Please forgive me Lord for I have committed a mortal peccadillo. For my transgression, I’ve repented and said ten “hail marys”. My sin, for which I am eternally condemned, was that I had never seen the cult classic Wet Hot American Summer until this weekend in preparation for the prequel series First Day of Camp. I was fully cognizant of the reputation but I hadn’t experienced it before. The verdict?
While it is clearly a faithful parody of raunchy sex comedies on a shoestring budget like Meatballs and other aestival films, it is sketchy and only a sporadically funny one-joke premise. Paul Rudd is hilarious as he groans in a petulant manner when a counselor asks him to clean up his cafeteria mess. The Bad News Bears subplot about the underdog sports team almost clashing with Camp Tiger Claw is also a side-splitting lampooning. On the other hand, the shorthand of chewing-gum as a preamble before making out, Amy Poehler’s theater auteur and Molly Shannon’s lovelorn arts-and-crafts teacher’s shtick with her emotionally intuitive students, are awfully thin, gossamer material to pivot upon.
Now the reunion has been released on Netflix with all the original cast members back for the 8-episode run. It’s a common practice for people in their 20’s and 30’s to play teenagers. Now the ensemble is in their 40’s which is the overriding in-joke. Given my non-predilection for the overhyped 2001 film, how does the limited-time resurgence fare?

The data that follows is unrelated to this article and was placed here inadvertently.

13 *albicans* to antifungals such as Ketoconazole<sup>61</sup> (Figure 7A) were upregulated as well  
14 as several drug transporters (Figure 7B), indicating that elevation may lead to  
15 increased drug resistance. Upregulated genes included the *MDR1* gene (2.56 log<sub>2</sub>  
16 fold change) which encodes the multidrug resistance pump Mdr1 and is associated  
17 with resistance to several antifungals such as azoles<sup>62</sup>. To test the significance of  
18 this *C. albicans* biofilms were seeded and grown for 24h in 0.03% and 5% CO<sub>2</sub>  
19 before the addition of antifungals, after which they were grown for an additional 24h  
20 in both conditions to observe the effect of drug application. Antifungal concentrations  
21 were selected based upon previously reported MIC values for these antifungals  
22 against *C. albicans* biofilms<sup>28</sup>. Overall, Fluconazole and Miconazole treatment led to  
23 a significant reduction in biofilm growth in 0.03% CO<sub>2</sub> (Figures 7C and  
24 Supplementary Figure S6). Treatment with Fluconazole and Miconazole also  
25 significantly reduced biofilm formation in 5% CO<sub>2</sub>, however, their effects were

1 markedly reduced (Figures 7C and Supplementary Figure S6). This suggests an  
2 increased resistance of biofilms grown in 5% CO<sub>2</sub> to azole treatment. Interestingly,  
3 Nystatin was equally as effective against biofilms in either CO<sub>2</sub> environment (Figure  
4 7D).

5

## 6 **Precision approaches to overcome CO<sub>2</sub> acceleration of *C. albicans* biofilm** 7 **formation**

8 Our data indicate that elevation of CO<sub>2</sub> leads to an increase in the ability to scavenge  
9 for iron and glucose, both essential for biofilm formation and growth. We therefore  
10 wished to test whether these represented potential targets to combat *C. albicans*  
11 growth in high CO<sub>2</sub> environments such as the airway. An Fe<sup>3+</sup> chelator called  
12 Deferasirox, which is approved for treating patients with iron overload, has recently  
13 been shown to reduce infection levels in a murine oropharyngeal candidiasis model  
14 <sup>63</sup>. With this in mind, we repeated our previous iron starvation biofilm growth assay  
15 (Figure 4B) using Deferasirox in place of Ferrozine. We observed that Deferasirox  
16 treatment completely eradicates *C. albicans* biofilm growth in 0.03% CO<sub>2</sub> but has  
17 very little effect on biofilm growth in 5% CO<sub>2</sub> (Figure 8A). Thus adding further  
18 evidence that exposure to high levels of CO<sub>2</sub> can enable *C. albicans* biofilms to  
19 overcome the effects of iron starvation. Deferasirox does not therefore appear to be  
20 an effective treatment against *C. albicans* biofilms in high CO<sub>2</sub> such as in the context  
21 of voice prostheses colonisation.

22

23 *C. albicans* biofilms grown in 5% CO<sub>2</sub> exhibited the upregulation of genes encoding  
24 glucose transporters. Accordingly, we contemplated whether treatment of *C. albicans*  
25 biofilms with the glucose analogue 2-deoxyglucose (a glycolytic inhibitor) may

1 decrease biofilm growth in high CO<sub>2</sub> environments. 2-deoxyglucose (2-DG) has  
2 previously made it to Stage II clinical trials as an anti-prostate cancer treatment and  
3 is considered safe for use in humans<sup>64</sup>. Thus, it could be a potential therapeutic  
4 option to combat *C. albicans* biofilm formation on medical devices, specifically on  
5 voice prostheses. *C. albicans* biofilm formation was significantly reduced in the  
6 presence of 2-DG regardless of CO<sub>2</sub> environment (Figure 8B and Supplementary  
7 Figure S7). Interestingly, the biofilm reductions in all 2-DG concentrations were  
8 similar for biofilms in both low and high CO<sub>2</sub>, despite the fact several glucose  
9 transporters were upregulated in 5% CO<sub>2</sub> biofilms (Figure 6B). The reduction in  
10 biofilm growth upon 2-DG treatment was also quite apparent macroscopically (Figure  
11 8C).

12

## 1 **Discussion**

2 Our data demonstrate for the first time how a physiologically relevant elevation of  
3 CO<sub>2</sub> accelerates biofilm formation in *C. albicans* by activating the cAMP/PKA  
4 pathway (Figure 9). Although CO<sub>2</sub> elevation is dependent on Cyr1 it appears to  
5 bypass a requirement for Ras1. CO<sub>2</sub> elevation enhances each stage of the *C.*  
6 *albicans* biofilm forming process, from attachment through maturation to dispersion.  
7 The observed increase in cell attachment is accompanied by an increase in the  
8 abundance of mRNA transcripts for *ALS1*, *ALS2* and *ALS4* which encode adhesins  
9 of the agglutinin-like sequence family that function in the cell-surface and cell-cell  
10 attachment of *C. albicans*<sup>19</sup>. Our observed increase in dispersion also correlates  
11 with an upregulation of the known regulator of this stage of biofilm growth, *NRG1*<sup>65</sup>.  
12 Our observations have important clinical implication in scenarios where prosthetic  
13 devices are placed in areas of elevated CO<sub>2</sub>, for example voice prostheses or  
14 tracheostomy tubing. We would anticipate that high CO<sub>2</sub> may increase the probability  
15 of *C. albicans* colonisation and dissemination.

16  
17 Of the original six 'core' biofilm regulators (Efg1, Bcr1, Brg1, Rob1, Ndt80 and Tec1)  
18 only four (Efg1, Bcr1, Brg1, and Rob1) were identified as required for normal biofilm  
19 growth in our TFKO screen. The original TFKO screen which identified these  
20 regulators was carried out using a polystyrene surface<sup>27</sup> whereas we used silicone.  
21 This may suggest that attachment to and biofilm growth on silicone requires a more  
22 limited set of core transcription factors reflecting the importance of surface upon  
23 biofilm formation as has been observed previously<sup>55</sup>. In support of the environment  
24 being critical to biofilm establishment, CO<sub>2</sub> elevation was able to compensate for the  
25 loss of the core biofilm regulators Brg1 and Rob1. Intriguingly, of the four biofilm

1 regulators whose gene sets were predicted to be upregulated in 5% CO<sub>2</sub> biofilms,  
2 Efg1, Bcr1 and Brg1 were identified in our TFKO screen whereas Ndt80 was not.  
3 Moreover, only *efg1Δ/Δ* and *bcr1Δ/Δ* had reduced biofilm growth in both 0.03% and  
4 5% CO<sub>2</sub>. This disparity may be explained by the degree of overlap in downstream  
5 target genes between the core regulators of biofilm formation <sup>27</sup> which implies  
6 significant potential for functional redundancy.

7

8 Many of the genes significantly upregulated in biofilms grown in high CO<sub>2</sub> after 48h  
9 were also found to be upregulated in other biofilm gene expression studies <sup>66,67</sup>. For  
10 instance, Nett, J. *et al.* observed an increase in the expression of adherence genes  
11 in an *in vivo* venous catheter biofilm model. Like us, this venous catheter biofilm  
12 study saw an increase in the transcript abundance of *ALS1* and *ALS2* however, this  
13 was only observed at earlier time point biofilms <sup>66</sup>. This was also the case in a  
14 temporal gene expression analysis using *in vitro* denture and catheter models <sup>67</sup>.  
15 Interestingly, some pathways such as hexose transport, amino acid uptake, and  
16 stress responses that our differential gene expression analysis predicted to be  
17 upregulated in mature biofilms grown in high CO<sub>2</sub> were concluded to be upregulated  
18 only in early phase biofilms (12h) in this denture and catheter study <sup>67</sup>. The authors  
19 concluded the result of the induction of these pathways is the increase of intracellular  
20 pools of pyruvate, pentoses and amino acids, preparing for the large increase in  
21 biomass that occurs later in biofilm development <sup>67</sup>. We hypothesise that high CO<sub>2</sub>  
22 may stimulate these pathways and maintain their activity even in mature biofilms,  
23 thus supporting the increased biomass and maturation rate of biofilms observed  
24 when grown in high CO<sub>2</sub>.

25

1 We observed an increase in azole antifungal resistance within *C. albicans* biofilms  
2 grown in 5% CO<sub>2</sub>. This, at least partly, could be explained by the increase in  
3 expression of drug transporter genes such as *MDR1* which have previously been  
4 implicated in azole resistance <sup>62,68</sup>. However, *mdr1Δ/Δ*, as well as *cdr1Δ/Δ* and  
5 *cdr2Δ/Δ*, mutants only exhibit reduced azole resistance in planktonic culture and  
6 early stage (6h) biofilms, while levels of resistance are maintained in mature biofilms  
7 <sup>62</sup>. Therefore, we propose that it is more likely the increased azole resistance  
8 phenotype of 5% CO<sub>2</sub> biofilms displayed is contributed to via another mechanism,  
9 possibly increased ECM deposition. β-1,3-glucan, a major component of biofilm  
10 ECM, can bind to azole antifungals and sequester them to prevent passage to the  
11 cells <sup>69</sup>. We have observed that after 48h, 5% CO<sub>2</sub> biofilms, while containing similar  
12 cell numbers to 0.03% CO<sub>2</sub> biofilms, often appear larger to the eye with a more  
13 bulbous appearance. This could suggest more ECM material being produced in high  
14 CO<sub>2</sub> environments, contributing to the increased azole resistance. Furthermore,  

The film was an uneven, kitchen-sink spoof that satirized sitcoms, training montages, climactic talent shows and 50’s science-fiction-panic pictures (the Devil’s Canyon Rapids sequence). It mocked Richard Linklater, Ivan Reitman and even Zucker Bros. absurdist humor. For the show, David Wain and Michael Showalter have whittled their scalpel to a fine point. For instance, I found Christopher Meloni’s deranged chef Gene Jenkinson to be pointless in the 2001, but his sleeper-cell backstory is mandatory to the facetious surroundings now.
Although I don’t have an affinity for the earlier film, it is surreal and nostalgic to see the cast back together (especially superstars like Rudd and Bradley Cooper). The passage-of-time jokes with Zak Orth’s overt wig and Michael Showalter’s obesity are amusing seams. Ken Marino is still ideal casting for the obnoxiously sex-starved virgin Victor.
Considering the slice-of-life nature of the property, the episode structure is more apposite for Camp Firewood. The volume of characters can navigate their witty arcs in unhurried snippets such as Andy’s (Paul Rudd) infatuation with Katie (Marguerite Moreau), toxic waste disposal near camp and Lindsay’s (Elizabeth Banks) Never Been Kissed undercover assignment for Rock & Rock World Magazine as a camouflaged 16-year-old. New additions like John Slattery, John Hamm, Jason Schwartzman and Josh Charles acquit themselves well among the addlepated zaniness.
The percentage of hitting the burlesque target is much higher in this. A barbed jab at Tootsie-esque drag farce with Cooperberg (Showalter) as a Patty whose fetish is defecating in swimming trunks is a prime recreation. Likewise with the popped-collared William Zabka snobs at Tiger Claw who are elitists from across the lake.
The euphoric energy of the cast, the subtle skewering of outdoor-recreation cliches (during a spooky campfire tale about Eric (Chris Pine), Banks conspicuously transcribes on a typewriter), volcanically funny nonsequitirs (The Falcon’s (Hamm) blithe holocaust of rebel punks) and splurged production values contribute to an appreciably funnier, richer, weirder experience. I feel honored to be included within the throngs of fans of this off-kilter spin-off.
Rating: 3.25 out of 5